quickly and easily destroy these horrific devices used by the insurgents against a high-tech opponent. Much money and time was given to research groups and companies of alltypes to quickly provide our troops with protection from IEDs. Eight years in Iraq andten in Afghanistan have shown they have not found it. Part of that is because the IED isso adaptable, and another part is that military leaders were seeking solutions from onlythe high-tech sector.The Improvised Explosive Device (IED), often dubbed “
The Signature Weapon of the9/11 Era
is lethal, easily concealed and simple to construct. Its greatest asset, whichwill ensure its presence on the battlefield, is its low cost.The U.S. military was not prepared for the IED. Instead, the U.S. Army was designed tofight a fast, high technology war, requiring large quantities of supplies brought to thefront via supply lines (that were later vulnerable to roadside bombers). Combat engineershad not been trained in dealing with IEDs either. Metal detectors were practically uselessas Iraqi drivers use ditches to dispose of their soft drink cans. Much like their predecessors in earlier wars, combat engineers were reduced to probing the soil withmetal rods. Nonetheless, by 2005 fully 70% of American casualties were caused byIEDs.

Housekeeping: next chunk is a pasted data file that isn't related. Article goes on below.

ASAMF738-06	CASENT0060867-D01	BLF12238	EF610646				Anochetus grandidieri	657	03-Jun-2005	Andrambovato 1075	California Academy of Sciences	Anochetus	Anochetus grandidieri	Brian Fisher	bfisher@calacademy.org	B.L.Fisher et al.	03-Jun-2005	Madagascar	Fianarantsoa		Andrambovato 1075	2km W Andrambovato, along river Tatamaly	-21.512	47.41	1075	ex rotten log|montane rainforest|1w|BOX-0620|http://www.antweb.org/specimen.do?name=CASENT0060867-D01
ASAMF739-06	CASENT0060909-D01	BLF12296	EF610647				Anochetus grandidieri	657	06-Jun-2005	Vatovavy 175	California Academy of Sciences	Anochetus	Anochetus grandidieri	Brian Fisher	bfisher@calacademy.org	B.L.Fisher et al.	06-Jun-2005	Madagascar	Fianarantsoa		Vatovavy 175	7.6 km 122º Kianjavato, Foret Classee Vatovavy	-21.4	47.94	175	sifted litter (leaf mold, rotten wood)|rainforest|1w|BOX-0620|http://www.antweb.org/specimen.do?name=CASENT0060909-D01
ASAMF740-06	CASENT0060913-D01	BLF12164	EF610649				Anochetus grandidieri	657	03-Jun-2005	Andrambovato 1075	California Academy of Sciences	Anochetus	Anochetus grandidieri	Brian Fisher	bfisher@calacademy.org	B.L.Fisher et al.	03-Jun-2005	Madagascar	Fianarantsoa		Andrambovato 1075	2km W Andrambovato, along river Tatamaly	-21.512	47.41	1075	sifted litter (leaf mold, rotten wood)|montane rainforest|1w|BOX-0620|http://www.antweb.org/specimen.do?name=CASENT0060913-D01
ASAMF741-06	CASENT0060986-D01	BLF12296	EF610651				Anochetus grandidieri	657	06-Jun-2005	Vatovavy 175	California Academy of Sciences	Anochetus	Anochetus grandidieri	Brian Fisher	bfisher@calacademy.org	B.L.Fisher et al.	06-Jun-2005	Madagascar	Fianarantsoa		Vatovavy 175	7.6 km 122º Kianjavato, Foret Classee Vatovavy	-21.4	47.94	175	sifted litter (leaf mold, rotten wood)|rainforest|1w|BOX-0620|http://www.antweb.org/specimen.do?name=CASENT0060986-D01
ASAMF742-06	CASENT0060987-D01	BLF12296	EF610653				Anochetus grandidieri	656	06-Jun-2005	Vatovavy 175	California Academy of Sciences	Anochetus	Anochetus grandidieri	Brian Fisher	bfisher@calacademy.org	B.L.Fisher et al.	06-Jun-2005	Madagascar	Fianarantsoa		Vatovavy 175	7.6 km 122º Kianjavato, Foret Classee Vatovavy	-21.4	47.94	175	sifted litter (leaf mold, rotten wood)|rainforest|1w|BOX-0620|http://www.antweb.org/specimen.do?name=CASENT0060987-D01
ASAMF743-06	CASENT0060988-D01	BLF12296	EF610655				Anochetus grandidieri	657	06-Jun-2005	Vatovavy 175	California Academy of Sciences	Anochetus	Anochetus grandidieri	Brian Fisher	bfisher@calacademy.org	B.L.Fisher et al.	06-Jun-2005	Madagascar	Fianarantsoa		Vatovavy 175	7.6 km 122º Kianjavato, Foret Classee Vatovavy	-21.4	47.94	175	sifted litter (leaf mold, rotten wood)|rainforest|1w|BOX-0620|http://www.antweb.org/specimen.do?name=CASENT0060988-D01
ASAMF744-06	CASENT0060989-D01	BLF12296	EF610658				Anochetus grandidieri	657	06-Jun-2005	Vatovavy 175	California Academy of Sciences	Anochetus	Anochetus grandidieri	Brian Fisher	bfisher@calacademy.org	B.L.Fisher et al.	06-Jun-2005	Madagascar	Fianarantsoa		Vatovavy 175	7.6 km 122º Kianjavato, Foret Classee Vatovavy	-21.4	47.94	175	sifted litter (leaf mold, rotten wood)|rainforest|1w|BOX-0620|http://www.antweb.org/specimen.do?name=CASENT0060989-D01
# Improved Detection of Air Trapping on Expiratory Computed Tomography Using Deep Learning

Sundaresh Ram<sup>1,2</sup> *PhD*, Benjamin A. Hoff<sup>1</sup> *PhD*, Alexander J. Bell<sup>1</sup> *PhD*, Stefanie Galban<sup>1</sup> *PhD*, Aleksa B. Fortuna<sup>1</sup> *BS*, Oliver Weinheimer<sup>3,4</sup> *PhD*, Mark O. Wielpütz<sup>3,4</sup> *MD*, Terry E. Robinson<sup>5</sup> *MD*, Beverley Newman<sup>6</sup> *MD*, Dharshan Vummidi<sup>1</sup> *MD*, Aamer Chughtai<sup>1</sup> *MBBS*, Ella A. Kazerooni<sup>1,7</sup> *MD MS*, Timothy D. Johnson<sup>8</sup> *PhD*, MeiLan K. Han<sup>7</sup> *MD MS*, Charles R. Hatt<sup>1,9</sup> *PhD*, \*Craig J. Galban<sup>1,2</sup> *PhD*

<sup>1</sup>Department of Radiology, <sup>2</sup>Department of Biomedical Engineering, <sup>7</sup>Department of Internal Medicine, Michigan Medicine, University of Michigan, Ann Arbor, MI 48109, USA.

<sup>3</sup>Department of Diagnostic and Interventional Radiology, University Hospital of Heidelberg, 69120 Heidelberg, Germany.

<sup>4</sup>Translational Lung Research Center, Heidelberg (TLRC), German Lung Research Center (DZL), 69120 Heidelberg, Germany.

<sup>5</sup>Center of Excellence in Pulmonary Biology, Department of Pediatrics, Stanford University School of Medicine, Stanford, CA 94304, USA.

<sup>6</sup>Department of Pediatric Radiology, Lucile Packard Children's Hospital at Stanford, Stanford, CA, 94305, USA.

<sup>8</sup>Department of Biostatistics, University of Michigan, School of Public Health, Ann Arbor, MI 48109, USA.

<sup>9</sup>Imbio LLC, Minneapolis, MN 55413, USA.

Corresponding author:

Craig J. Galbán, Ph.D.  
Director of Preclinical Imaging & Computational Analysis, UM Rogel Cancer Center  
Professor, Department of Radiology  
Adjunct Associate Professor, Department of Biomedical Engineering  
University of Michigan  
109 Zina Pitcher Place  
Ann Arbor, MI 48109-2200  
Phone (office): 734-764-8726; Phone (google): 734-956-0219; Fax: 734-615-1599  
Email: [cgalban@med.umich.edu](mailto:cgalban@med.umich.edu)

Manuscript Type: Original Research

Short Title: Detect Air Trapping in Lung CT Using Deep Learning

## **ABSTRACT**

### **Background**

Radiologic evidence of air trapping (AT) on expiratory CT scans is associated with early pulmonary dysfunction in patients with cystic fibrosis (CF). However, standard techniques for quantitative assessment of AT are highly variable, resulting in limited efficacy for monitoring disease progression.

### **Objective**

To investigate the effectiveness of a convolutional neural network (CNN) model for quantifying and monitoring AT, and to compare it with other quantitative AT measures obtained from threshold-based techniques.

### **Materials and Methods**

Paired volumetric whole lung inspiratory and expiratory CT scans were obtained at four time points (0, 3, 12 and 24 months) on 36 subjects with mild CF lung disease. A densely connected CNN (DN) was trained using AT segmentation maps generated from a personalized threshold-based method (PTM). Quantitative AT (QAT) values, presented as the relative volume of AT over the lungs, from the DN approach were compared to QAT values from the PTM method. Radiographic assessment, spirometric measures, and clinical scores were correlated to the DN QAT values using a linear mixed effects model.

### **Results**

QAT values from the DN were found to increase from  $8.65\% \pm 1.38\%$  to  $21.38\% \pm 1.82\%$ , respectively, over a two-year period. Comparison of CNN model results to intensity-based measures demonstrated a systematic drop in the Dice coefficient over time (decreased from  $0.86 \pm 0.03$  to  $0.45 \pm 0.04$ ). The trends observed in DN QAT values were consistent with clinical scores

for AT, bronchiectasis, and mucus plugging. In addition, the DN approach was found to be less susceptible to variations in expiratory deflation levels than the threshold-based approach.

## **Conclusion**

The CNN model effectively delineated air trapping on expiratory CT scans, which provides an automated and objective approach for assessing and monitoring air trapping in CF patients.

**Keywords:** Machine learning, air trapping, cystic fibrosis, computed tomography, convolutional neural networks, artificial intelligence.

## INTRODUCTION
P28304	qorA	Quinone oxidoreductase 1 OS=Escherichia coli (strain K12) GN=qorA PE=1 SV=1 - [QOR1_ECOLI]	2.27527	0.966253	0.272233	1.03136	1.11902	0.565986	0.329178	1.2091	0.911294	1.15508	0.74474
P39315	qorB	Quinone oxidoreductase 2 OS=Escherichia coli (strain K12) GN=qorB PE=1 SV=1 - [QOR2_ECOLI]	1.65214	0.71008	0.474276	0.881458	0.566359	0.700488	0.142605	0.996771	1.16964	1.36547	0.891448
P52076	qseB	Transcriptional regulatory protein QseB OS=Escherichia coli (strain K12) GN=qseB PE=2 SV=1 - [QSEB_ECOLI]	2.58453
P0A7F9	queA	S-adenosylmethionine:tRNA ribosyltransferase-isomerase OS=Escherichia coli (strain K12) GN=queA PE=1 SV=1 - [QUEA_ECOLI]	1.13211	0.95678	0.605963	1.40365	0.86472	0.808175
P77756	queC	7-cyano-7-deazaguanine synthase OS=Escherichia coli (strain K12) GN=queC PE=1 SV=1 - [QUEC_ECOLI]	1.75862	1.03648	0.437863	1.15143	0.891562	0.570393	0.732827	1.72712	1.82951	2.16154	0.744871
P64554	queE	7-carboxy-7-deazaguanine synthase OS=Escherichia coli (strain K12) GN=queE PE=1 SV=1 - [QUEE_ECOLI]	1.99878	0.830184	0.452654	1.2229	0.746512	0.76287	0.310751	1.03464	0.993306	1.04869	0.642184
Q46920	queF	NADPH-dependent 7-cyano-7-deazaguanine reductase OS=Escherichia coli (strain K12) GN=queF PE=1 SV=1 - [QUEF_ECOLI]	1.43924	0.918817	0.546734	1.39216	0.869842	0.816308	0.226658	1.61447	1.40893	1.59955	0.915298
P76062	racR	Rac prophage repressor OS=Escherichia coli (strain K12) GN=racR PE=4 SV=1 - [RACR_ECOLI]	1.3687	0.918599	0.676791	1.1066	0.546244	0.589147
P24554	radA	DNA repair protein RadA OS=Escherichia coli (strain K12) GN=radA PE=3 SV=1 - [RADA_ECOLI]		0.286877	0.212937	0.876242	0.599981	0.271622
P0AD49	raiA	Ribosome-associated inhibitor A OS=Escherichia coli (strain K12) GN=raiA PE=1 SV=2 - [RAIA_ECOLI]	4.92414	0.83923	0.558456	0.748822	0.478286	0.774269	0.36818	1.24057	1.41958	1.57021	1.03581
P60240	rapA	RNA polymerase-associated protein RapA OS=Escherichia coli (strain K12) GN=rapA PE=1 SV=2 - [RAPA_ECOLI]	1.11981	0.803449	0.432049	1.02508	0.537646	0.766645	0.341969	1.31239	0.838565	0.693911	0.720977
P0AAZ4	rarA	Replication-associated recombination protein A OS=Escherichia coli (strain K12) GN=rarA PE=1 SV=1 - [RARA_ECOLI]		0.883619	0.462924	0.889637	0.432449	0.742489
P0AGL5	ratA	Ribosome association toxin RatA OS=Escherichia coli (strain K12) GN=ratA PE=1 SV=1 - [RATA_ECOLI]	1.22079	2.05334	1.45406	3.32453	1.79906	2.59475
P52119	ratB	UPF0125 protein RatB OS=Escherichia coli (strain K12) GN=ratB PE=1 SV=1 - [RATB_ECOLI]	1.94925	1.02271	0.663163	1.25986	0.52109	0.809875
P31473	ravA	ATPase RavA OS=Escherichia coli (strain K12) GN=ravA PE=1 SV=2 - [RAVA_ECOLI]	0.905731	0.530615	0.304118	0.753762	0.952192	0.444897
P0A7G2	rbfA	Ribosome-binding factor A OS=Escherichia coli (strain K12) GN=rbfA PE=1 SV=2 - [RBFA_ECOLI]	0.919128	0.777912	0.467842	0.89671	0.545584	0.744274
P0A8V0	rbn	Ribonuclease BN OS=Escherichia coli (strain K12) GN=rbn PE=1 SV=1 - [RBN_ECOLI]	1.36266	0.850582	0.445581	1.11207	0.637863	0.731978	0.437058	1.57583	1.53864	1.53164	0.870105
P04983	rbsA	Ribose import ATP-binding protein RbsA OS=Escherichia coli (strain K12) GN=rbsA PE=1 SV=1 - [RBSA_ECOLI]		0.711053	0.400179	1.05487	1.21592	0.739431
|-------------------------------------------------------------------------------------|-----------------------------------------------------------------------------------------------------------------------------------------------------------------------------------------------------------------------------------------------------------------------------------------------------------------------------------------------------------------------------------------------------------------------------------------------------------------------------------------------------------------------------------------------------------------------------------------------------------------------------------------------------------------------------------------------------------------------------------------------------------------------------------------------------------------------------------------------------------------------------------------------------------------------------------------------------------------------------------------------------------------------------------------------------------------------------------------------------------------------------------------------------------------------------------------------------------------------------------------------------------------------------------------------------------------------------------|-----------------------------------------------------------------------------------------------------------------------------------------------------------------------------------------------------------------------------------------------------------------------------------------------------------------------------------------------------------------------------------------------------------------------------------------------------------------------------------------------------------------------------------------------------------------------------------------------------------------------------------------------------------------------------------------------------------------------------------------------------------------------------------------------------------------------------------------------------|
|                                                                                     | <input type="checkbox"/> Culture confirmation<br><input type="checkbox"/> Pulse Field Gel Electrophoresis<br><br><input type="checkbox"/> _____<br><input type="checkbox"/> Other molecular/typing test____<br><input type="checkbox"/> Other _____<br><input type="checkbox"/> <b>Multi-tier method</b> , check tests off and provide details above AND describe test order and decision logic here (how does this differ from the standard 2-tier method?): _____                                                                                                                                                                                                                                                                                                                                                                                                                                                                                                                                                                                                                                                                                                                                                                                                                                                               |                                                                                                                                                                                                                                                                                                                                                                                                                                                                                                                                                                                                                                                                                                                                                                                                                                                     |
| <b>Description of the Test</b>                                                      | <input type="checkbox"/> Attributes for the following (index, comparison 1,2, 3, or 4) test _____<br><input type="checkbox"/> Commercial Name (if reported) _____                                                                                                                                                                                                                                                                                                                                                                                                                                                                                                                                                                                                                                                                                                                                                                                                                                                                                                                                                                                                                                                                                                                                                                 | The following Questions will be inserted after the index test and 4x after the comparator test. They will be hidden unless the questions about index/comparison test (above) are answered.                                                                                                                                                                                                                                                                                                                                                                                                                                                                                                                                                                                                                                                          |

Research accelerated to include universities and corporations. The National Geospatial-Intelligence Agency (NGA) awarded numerous U.S. universities grants ranging from$150,000 to $300,000 per year.
Many of the nation’s largest military contractors wereawarded $millions and high-tech companies quickly began development programs. Therewere many promises and expectations were high. For example, Ionatron of Tucson, AZ, promised to send their remote controlled vehicle, traveling at 35 mph to send a surge of electricity that would disable hidden explosives up to 1,000 yards away. Companyspokesman Mark Carallo said the device proved 90% effective in their field-tests to date.
More and more money and effort was put into finding a solution to the IED. Aseparate program designed to deal solely with IEDs, the Joint Improvised ExplosiveDevice Defeat Organization (JIEDDO), grew from small beginnings in 2003 to a 1,900member staff and a budget of nearly $21 billion at present.
Many large projects were robot and computer based. While they may have looked goodin the laboratory or on paper, these devices were beset with problems that made themonly marginally successful, if at all. Many other programs were delayed getting to thetroops in the field. All the while casualties continued to mount.
SWORDS, an armedrobot supposedly ready for combat in 2008 began by turning its guns on US troops.
TheArmy’s Future Combat System, highly dependent on sensors, was described by RandAnalyst John Gordon:
“So many of these future concepts are predicated on very, very high levels of situational awareness, butthere’s precious little evidence we’re going to get there from here, particularly in a cluttered groundenvironment.”
Many high-tech solutions have proven to be unsuccessful and at huge costs. In 2006, themilitary bought 3,800 radio jammers at a cost of $79,000 apiece from General Dynamics.
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